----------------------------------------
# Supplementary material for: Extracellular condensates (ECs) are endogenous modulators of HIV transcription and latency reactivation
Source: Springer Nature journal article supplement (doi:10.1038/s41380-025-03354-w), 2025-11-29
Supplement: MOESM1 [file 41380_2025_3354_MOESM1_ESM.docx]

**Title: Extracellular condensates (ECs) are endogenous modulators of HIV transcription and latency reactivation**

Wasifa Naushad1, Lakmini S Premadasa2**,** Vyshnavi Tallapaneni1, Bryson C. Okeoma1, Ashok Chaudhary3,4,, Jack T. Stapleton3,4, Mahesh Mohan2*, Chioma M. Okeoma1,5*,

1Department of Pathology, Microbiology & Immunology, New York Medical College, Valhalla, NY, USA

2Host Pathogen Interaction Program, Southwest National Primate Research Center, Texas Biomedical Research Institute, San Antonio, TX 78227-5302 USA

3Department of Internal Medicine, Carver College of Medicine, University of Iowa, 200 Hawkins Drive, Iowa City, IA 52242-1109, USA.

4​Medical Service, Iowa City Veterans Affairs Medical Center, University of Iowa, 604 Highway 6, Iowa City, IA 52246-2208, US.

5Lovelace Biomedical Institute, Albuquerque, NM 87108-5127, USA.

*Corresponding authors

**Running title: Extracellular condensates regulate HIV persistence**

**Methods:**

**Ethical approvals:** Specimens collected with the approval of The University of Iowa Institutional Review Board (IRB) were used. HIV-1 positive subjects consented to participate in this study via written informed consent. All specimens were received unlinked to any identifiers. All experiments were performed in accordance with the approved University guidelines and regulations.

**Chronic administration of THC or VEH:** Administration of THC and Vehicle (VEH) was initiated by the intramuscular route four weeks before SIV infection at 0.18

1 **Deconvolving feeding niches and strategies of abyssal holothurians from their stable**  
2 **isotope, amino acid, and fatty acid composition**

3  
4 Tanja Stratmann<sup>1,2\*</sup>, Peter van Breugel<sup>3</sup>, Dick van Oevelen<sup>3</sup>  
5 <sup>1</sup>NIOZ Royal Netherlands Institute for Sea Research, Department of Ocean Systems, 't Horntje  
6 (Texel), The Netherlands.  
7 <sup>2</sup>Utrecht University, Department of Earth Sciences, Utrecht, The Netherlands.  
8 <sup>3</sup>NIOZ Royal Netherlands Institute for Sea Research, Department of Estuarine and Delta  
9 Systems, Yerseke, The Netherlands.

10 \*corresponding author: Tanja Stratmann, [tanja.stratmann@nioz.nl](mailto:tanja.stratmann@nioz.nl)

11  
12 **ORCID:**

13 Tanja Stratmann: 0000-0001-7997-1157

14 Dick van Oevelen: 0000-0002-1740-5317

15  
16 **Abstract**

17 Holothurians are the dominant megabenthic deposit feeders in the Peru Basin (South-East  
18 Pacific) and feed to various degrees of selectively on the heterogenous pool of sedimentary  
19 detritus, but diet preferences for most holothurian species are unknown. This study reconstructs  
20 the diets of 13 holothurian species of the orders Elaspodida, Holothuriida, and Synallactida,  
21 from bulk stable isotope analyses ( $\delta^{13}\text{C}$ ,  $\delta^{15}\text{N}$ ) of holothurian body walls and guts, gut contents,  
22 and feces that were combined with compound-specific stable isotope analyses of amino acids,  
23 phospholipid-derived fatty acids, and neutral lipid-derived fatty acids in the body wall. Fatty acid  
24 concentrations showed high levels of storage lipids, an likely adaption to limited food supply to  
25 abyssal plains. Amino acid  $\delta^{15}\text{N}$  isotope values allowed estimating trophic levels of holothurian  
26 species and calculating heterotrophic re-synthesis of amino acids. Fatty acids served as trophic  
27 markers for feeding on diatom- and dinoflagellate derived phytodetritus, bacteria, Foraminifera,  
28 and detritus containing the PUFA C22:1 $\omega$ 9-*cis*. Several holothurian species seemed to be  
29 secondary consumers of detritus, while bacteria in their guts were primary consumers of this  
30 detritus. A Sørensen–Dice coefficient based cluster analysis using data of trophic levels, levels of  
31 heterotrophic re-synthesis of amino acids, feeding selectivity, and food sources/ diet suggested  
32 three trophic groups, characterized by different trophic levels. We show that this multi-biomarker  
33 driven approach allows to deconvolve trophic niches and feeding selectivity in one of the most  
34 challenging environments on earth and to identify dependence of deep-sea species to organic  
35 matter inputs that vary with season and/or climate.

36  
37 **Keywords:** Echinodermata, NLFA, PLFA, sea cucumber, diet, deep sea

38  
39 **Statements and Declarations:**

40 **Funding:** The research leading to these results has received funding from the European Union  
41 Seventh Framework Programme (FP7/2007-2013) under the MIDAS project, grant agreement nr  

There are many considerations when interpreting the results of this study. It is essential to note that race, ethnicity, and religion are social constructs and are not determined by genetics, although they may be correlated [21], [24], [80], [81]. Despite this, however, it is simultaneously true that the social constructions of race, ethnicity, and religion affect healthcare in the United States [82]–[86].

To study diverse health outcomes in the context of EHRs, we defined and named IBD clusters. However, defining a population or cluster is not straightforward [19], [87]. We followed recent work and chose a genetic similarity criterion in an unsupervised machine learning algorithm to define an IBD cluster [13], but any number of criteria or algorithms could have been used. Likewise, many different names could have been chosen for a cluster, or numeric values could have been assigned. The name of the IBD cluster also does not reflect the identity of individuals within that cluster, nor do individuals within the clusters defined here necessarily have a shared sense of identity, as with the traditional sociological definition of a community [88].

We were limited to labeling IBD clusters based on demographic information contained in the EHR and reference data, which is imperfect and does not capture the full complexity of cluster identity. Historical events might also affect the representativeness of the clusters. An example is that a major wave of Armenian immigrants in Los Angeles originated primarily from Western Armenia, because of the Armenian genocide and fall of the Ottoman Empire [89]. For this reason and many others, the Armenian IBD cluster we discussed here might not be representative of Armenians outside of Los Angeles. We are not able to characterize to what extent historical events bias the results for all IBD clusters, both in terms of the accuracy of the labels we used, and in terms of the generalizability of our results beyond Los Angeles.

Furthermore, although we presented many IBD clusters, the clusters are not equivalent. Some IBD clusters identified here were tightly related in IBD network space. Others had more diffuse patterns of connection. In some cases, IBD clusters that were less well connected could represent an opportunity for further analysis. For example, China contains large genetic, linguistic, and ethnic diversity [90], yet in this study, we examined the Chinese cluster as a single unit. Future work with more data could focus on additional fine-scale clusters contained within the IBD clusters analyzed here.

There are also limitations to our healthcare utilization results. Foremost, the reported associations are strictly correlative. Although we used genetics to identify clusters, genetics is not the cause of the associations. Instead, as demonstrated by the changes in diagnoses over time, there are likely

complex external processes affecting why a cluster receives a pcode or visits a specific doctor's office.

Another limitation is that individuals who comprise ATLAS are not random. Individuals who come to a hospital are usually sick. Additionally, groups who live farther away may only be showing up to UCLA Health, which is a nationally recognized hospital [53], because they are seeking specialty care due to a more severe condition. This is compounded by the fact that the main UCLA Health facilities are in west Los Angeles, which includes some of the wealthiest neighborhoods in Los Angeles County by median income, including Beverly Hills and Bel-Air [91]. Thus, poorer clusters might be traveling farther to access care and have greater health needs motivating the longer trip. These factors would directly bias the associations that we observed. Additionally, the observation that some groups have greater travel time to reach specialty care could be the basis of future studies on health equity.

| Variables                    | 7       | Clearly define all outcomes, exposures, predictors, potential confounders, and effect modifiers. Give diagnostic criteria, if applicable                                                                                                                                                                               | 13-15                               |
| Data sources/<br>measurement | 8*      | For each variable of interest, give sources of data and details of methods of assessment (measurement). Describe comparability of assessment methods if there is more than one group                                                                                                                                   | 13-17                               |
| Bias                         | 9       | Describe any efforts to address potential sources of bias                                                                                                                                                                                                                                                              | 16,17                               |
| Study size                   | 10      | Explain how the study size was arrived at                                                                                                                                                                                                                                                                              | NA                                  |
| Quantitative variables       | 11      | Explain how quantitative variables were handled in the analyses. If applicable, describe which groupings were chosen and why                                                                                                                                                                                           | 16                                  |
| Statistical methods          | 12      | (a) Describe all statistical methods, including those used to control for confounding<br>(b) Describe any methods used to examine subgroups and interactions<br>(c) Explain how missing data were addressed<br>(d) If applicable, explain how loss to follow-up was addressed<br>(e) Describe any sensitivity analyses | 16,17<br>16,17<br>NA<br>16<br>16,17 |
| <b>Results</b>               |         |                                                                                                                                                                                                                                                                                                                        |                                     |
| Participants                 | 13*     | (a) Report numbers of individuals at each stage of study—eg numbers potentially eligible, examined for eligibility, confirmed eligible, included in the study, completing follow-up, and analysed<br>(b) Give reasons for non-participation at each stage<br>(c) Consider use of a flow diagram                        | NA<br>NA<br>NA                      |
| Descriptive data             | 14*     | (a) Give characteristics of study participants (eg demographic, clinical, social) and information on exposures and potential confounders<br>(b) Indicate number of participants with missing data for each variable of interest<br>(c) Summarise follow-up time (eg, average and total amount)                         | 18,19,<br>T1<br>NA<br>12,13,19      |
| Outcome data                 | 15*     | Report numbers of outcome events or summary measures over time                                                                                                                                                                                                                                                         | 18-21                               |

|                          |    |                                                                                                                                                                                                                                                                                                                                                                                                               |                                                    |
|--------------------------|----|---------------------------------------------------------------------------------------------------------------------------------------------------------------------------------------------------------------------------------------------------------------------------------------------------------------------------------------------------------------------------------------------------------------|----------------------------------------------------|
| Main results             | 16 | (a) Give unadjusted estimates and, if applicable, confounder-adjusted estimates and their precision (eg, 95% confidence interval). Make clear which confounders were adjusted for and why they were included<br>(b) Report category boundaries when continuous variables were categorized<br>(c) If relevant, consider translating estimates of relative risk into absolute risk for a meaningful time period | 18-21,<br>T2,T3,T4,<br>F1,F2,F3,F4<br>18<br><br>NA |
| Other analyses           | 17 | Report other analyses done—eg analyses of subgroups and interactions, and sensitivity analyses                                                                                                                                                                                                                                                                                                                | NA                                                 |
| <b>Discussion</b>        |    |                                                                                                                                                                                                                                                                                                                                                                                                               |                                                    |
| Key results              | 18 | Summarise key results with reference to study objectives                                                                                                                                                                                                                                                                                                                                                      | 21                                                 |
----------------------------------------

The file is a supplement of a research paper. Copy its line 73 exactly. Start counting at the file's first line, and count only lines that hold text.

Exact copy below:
| Outcome data                 | 15*     | Report numbers of outcome events or summary measures over time                                                                                                                                                                                                                                                         | 18-21                               |